The right and freedom to freely express any opinion without censorship or restraint, including the right to receive or impart information through any medium. Freedom of speech promotes inquiry and assists in the emergence of truth. In many societies, it is believed to be of intrinsic value as an element in individual well-being and self-fulfilment. It implies freedom of conscience and religion, freedom of the press, and free participation in political activity; and is indicative of a free society, rather than an authoritarian one.
Freedom of speech is frequently limited on grounds that fall into two categories. Speech is limited on a procedural basis, restricted based on time, place, and manner on the form and forums of its exercise. Speech is limited on a substantive basis involving restrictions on content, such as libel, slander, incitement to riot, pornography, obscenity, and in cases where copyright or national security is threatened, or contempt of court is involved. In free countries, prior restraint is still not involved in limiting such content.
Pragmatic arguments in opposition of limiting freedom of speech include the contentions that speech can offend or annoy but never harm; or that the harms of speech are outweighed by the benefits and by the avoidance of harms that that its suppression would entail.
Freedom of speech is considered one of the basic human rights, included in the Universal Declaration of Human Rights: "Whereas disregard and contempt for human rights have resulted in barbarous acts which have outraged the conscience of mankind, and the advent of a world in which human beings shall enjoy freedom of speech and freedom of belief and freedom from fear and want has been proclaimed as the highest aspiration of the common people"; and in the European Convention on Human Rights: "Everyone has the right to freedom of expression. This right shall include freedom to hold opinions and to receive and impart information and ideas without interference by public authority and regardless of frontiers"; and guaranteed in the first amendment to the U.S. Constitution: "Congress shall make no law respecting an establishment of religion, or prohibiting the free exercise thereof; or abridging the freedom of speech, or of the press, or the right of the people peaceably to assemble, and to petition the Government for a redress of grievances."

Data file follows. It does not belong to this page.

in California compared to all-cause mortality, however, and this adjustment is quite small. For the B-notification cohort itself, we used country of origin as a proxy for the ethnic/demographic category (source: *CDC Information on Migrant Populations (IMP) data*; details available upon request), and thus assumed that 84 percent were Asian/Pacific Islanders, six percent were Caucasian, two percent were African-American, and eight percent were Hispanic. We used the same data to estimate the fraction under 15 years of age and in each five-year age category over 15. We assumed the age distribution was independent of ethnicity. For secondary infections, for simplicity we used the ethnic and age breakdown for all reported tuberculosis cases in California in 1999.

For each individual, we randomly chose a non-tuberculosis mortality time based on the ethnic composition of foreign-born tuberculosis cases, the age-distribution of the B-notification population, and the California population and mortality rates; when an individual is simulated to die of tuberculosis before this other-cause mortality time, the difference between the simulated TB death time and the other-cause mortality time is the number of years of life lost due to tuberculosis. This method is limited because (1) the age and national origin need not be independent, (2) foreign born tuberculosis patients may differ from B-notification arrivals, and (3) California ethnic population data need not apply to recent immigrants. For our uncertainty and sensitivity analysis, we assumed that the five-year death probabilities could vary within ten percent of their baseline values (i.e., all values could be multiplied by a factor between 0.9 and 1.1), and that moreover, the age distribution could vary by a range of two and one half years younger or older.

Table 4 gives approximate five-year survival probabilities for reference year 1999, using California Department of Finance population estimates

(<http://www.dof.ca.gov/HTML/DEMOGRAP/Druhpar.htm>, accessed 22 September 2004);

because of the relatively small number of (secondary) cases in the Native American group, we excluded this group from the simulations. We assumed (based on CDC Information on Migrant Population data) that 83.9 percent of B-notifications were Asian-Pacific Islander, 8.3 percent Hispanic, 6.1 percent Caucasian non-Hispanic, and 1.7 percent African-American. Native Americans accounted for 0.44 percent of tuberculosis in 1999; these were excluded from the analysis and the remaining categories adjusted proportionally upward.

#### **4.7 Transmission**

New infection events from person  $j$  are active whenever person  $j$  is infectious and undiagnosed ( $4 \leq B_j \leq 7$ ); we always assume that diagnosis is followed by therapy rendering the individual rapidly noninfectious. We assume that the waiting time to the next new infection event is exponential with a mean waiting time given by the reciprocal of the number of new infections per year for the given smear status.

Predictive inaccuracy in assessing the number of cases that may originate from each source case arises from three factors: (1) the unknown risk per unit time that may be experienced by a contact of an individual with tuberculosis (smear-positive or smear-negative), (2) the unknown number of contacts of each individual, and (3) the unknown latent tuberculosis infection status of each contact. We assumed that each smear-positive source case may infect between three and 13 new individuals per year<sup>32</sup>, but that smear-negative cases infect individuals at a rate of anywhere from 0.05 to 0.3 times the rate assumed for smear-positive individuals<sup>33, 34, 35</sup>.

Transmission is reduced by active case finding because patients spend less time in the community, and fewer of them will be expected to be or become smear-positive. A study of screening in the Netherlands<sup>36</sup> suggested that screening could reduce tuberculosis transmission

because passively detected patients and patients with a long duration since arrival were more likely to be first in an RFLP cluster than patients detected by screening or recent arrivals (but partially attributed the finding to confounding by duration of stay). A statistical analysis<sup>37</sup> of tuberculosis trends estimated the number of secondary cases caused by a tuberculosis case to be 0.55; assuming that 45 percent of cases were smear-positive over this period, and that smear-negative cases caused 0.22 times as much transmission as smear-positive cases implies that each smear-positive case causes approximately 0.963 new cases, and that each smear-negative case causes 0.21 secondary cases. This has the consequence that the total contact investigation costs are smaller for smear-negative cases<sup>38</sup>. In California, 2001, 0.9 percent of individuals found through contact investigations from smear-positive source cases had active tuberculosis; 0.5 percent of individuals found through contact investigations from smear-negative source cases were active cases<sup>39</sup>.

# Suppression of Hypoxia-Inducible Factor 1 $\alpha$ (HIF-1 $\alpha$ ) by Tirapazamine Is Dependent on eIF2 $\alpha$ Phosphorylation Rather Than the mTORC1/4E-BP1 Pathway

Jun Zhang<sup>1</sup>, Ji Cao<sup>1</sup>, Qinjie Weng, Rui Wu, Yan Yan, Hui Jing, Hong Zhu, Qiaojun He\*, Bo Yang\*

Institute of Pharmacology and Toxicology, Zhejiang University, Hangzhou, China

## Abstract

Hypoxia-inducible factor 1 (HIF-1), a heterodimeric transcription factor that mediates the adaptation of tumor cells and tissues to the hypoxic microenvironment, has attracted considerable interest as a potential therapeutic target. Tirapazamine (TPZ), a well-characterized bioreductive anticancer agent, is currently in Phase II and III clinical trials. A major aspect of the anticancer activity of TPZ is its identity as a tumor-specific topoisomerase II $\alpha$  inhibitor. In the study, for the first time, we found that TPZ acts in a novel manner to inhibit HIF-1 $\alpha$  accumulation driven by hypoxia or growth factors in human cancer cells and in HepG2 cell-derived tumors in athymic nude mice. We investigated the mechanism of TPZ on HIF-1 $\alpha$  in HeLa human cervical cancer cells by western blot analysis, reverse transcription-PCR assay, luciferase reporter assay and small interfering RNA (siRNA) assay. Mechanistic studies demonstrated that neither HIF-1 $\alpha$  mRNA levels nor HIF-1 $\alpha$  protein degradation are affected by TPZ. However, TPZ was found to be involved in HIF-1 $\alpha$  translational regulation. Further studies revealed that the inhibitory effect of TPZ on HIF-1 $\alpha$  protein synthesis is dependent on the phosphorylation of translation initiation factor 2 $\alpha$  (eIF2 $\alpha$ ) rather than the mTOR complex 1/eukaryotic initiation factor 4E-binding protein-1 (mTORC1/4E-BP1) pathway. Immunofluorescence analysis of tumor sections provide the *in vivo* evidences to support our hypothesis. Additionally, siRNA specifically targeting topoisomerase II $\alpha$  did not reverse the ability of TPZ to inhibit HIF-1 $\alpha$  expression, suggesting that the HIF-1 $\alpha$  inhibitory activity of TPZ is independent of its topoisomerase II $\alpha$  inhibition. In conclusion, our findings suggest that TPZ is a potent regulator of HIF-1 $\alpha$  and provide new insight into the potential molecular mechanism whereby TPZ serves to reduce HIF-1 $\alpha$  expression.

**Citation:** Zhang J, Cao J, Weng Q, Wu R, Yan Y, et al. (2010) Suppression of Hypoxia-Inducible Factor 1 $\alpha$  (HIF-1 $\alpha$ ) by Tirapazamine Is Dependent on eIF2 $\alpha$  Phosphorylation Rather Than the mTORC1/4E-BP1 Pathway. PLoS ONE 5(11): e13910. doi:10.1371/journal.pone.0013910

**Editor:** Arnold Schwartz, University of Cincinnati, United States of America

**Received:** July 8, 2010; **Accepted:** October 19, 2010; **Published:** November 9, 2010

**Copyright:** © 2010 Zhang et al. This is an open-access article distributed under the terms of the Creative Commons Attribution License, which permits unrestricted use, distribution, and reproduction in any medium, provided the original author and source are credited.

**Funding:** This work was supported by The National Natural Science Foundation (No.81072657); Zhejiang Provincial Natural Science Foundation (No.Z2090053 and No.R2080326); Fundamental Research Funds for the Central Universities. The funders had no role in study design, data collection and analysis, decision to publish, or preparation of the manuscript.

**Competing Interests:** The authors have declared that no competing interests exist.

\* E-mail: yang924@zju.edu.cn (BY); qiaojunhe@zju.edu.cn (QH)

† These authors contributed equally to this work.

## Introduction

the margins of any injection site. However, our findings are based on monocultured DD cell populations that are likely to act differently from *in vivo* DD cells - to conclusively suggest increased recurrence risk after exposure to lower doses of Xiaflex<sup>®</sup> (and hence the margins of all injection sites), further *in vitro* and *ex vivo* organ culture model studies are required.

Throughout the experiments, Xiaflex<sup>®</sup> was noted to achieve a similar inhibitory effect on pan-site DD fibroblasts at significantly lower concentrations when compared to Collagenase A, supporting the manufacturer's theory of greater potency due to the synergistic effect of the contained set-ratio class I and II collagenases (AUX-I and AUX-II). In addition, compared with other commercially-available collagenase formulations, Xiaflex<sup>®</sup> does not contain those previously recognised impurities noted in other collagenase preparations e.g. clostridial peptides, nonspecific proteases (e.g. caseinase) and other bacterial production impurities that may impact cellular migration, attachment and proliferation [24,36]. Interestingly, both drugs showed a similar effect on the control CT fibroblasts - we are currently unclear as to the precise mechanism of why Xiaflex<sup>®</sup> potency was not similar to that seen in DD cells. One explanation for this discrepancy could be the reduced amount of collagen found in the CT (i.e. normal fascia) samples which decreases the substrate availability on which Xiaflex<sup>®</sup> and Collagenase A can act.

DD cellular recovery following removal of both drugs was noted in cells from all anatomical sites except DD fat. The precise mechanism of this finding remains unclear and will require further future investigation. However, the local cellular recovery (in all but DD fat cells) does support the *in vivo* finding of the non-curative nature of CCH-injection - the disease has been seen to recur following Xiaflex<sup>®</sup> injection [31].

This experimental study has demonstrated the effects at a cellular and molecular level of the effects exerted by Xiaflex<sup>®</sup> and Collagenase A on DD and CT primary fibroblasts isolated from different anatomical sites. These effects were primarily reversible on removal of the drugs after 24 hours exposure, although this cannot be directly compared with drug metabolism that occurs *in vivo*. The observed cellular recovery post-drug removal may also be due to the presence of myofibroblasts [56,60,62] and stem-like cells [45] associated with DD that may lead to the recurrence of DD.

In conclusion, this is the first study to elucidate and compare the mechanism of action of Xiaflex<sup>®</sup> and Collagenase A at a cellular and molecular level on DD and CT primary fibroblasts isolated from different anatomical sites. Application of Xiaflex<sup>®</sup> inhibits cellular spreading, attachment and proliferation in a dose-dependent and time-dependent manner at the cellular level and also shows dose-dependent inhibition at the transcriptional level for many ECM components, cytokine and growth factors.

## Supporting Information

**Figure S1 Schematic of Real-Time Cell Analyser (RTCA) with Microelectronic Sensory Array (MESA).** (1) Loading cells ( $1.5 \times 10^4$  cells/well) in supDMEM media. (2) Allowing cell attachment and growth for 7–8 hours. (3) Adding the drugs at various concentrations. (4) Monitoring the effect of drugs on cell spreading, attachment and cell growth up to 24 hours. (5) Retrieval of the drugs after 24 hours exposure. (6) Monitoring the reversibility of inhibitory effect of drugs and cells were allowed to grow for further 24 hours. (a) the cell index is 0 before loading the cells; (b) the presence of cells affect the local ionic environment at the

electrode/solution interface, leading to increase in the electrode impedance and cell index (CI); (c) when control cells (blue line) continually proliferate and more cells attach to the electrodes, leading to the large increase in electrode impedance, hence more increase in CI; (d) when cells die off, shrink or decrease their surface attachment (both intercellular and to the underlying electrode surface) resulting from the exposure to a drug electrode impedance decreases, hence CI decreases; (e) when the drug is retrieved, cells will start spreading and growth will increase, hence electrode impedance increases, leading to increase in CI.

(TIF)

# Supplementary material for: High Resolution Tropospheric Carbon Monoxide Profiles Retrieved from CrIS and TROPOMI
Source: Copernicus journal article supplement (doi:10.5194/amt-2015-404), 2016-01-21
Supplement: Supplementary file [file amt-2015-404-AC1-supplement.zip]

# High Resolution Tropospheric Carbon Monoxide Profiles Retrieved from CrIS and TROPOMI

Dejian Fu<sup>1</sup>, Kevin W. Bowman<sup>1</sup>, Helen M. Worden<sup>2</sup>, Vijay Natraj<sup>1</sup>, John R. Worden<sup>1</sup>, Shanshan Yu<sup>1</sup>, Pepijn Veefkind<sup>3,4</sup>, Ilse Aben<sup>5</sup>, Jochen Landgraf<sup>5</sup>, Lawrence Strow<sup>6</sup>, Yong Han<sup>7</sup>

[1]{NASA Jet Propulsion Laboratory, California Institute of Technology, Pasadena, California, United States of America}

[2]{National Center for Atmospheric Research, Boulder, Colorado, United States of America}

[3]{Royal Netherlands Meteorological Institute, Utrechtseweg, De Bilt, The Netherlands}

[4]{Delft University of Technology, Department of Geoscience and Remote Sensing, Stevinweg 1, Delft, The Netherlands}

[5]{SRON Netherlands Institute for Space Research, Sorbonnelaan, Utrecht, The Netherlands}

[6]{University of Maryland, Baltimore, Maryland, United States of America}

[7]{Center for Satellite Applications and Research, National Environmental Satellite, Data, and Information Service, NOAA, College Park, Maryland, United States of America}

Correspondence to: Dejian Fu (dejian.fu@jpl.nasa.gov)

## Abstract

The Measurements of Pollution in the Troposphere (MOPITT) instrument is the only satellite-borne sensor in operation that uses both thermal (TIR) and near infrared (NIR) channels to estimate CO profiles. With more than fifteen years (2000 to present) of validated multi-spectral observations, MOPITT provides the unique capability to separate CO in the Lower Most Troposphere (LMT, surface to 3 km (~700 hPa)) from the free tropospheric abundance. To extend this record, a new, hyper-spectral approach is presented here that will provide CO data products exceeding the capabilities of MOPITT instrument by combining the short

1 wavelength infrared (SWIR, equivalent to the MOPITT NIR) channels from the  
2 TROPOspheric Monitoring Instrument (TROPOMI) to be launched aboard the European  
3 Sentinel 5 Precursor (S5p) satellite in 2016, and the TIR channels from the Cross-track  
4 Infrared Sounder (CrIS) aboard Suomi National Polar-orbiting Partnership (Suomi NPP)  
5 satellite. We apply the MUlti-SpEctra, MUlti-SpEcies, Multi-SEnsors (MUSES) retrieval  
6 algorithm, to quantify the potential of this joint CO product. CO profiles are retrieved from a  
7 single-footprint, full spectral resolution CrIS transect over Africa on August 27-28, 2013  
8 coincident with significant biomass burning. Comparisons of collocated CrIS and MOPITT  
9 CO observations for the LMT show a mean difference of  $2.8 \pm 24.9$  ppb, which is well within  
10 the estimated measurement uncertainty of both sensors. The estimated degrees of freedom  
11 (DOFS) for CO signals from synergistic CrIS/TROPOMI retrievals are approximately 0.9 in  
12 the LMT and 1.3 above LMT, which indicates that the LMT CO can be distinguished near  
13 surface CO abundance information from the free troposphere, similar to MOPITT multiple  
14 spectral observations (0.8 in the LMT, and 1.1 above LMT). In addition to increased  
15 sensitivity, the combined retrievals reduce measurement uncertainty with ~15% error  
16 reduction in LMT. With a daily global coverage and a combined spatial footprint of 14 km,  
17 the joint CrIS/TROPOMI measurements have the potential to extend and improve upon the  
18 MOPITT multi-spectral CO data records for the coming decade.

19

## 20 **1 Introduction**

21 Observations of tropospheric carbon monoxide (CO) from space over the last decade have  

See also: censorship
, freedom of the press
, Amendment I
"If all mankind minus one, were of one opinion, and only one person were of the contrary opinion, mankind would be no more justified in silencing that one person, than he, if he had the power, would be justified in silencing mankind. Were an opinion a personal possession of no value except to the owner; if to be obstructed in the enjoyment of it were simply a private injury, it would make some difference whether the injury was inflicted only on a few persons or on many. But the peculiar evil of silencing the expression of an opinion is, that it is robbing the human race; posterity as well as the existing generation; those who dissent from the opinion, still more than those who hold it. If the opinion is right, they are deprived of the opportunity of exchanging error for truth: if wrong, they lose, what is almost as great a benefit, the clearer perception and livelier impression of truth, produced by its collision with error." — John Stuart Mill, On Liberty, 1859
"Restriction of free thought and free speech is the most dangerous of all subversions. It is the one un-American act that could most easily defeat us." - U.S. Supreme Court Justice William O. Douglas
"My definition of a free society is a society where it is safe to be unpopular." - Adlai Stevenson, October 7, 1952
"I disapprove of what you say but I will defend to the death your right to say it." - attributed to Voltaire, from S.G. Tallentyre (Evelyn Beatrice Hall), The Friends of Voltaire, 1907
"One of the few remaining freedoms we have is the blank page. No one can prescribe how we should fill it." - James Kelman, The Guardian, October 12, 1994
"One man's vulgarity is another's lyric." - U.S. Supreme Court Justice John M. Harlan, Cohen v. California (1971)